Ironically the most private and sensitive part of medical care is also one of the most accessible to measurement – yes doctor-patient psychological interaction (communication is too shallow a word) can be observed directly and does not suffer from poor signal to noise ratios since it differs so much between doctors and across contexts. It can be calibrated on a continuous or ordinal scale, and thus tends to be measured with high precision. The CLAHRC WM Director does not know how reliable it is, but it is undoubtedly hugely important. Stojan and colleagues [1] write a very nice paper about this subject and remind us of the chilling finding that doctors tend to adopt a different style for different ethnic groups. It is important that we have this mirror in place. There is no asymptote to improved interaction with patients, and we should feel good about ourselves because we have faced up to our imperfections and are trying to improve, rather than bad because we are not perfect in this – by far the most difficult – aspect of professional practice.

— Richard Lilford, CLAHRC WM Director


  1. Stojan JN, Clay MA, Lypson ML. Assessing patient-centred care through direct observation of clinical encounters. BMJ Qual Saf. 2016; 25: 135-7.

World’s First Randomised Trial of Public Involvement in Health Care and Policy Decisions

Evaluating the effects of public and patient involvement in priority setting in health care is notoriously tricky. However, two recent studies reported on a cluster RCT of enhanced public involvement among six health authorities in Canada.[1] [2] The results favoured the intervention, in that the priorities selected were different across the two groups and “Professionals’ choices moved toward indicators prioritized by the public (eg, access), and public representatives’ choices moved toward indicators prioritized by professionals (eg, self-care support).” A great strength of the study is the use of mixed methods advocated by CLAHRC WM – actually by all CLAHRCs. The public involvement was very carefully implemented with thorough induction of public representatives and moderation of the discussions, and the public representatives were selected because they were thought to have legitimacy and to represent different interests. These are landmark papers. In CLARHC WM what gets studied is what is implemented. The corollary is that there is no point in asking people what they want to research without also asking them what they think should be implemented. We therefore ensure that the members of the public who advise on the research are largely the same as those advising on the service.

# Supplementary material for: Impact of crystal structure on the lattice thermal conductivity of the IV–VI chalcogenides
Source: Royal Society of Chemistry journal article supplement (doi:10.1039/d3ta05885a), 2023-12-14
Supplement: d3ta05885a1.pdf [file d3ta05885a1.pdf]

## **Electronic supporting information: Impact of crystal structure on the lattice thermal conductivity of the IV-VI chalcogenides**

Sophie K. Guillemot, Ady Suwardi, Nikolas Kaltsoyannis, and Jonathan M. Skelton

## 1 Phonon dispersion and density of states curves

— Richard Lilford, CLAHRC WM Director


  1. Boivin A, Lehoux P, Burgers J, Grol R. What Are the Key Ingredients for Effective Public Involvement in Health Care Improvement and Policy Decisions? A Randomized Trial Process Evaluation. Milbank Q. 2014. 92(2):319-50.
  2. Boivin A, Lehoux P, Lacombe R, Burgers J, Grol R. Involving patients in setting priorities for healthcare improvement: a cluster randomized trial. Implement Sci. 2014; 9:24.